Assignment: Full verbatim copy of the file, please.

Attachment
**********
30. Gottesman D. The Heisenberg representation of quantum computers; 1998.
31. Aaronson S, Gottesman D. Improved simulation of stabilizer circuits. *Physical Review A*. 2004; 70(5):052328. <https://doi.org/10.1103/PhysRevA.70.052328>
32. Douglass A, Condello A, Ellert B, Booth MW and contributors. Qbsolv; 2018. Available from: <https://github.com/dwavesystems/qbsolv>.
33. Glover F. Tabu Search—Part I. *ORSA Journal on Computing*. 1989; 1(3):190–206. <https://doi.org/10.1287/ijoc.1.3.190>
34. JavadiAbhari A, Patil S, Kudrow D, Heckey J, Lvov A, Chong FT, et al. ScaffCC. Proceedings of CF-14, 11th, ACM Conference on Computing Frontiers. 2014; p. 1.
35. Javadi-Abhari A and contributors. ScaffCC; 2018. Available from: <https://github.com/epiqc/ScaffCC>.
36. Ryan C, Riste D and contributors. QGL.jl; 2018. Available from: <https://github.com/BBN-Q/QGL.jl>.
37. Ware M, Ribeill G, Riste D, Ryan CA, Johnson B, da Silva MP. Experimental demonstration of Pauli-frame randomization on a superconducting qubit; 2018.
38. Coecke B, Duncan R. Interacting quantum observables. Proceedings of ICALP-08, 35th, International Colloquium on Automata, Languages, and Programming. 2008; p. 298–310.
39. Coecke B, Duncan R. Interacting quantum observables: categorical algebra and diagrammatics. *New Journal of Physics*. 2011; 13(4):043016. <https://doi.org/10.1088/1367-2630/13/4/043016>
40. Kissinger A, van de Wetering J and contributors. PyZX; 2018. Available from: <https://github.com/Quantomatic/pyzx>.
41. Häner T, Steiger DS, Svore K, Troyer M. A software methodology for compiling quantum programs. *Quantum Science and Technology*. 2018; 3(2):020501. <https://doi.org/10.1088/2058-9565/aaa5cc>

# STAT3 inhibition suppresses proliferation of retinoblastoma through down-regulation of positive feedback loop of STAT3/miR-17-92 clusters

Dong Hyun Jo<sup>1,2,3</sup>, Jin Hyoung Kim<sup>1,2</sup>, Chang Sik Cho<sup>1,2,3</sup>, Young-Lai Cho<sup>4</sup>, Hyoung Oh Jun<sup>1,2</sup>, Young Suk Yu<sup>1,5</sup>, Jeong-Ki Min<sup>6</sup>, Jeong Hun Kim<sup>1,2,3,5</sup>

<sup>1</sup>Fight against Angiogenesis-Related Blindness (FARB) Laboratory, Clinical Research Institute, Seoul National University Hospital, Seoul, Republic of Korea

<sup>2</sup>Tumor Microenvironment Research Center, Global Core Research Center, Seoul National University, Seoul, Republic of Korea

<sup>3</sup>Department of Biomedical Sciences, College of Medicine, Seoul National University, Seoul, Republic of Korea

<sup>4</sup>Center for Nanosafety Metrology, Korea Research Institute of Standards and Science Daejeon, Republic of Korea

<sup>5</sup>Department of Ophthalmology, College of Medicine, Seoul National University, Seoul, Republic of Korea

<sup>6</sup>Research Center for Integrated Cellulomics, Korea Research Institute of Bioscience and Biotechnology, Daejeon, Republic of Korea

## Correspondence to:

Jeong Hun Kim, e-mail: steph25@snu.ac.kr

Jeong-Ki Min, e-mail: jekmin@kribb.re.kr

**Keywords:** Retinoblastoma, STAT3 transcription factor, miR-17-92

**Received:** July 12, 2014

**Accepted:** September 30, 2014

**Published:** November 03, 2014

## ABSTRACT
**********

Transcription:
30. Gottesman D. The Heisenberg representation of quantum computers; 1998.
31. Aaronson S, Gottesman D. Improved simulation of stabilizer circuits. *Physical Review A*. 2004; 70(5):052328. <https://doi.org/10.1103/PhysRevA.70.052328>
32. Douglass A, Condello A, Ellert B, Booth MW and contributors. Qbsolv; 2018. Available from: <https://github.com/dwavesystems/qbsolv>.
33. Glover F. Tabu Search—Part I. *ORSA Journal on Computing*. 1989; 1(3):190–206. <https://doi.org/10.1287/ijoc.1.3.190>
34. JavadiAbhari A, Patil S, Kudrow D, Heckey J, Lvov A, Chong FT, et al. ScaffCC. Proceedings of CF-14, 11th, ACM Conference on Computing Frontiers. 2014; p. 1.
35. Javadi-Abhari A and contributors. ScaffCC; 2018. Available from: <https://github.com/epiqc/ScaffCC>.
36. Ryan C, Riste D and contributors. QGL.jl; 2018. Available from: <https://github.com/BBN-Q/QGL.jl>.
37. Ware M, Ribeill G, Riste D, Ryan CA, Johnson B, da Silva MP. Experimental demonstration of Pauli-frame randomization on a superconducting qubit; 2018.
38. Coecke B, Duncan R. Interacting quantum observables. Proceedings of ICALP-08, 35th, International Colloquium on Automata, Languages, and Programming. 2008; p. 298–310.
39. Coecke B, Duncan R. Interacting quantum observables: categorical algebra and diagrammatics. *New Journal of Physics*. 2011; 13(4):043016. <https://doi.org/10.1088/1367-2630/13/4/043016>
40. Kissinger A, van de Wetering J and contributors. PyZX; 2018. Available from: <https://github.com/Quantomatic/pyzx>.
41. Häner T, Steiger DS, Svore K, Troyer M. A software methodology for compiling quantum programs. *Quantum Science and Technology*. 2018; 3(2):020501. <https://doi.org/10.1088/2058-9565/aaa5cc>

# STAT3 inhibition suppresses proliferation of retinoblastoma through down-regulation of positive feedback loop of STAT3/miR-17-92 clusters

Dong Hyun Jo<sup>1,2,3</sup>, Jin Hyoung Kim<sup>1,2</sup>, Chang Sik Cho<sup>1,2,3</sup>, Young-Lai Cho<sup>4</sup>, Hyoung Oh Jun<sup>1,2</sup>, Young Suk Yu<sup>1,5</sup>, Jeong-Ki Min<sup>6</sup>, Jeong Hun Kim<sup>1,2,3,5</sup>

<sup>1</sup>Fight against Angiogenesis-Related Blindness (FARB) Laboratory, Clinical Research Institute, Seoul National University Hospital, Seoul, Republic of Korea

<sup>2</sup>Tumor Microenvironment Research Center, Global Core Research Center, Seoul National University, Seoul, Republic of Korea

<sup>3</sup>Department of Biomedical Sciences, College of Medicine, Seoul National University, Seoul, Republic of Korea

<sup>4</sup>Center for Nanosafety Metrology, Korea Research Institute of Standards and Science Daejeon, Republic of Korea

<sup>5</sup>Department of Ophthalmology, College of Medicine, Seoul National University, Seoul, Republic of Korea

<sup>6</sup>Research Center for Integrated Cellulomics, Korea Research Institute of Bioscience and Biotechnology, Daejeon, Republic of Korea

## Correspondence to:

Jeong Hun Kim, e-mail: steph25@snu.ac.kr

Jeong-Ki Min, e-mail: jekmin@kribb.re.kr

**Keywords:** Retinoblastoma, STAT3 transcription factor, miR-17-92

**Received:** July 12, 2014

**Accepted:** September 30, 2014

**Published:** November 03, 2014

## ABSTRACT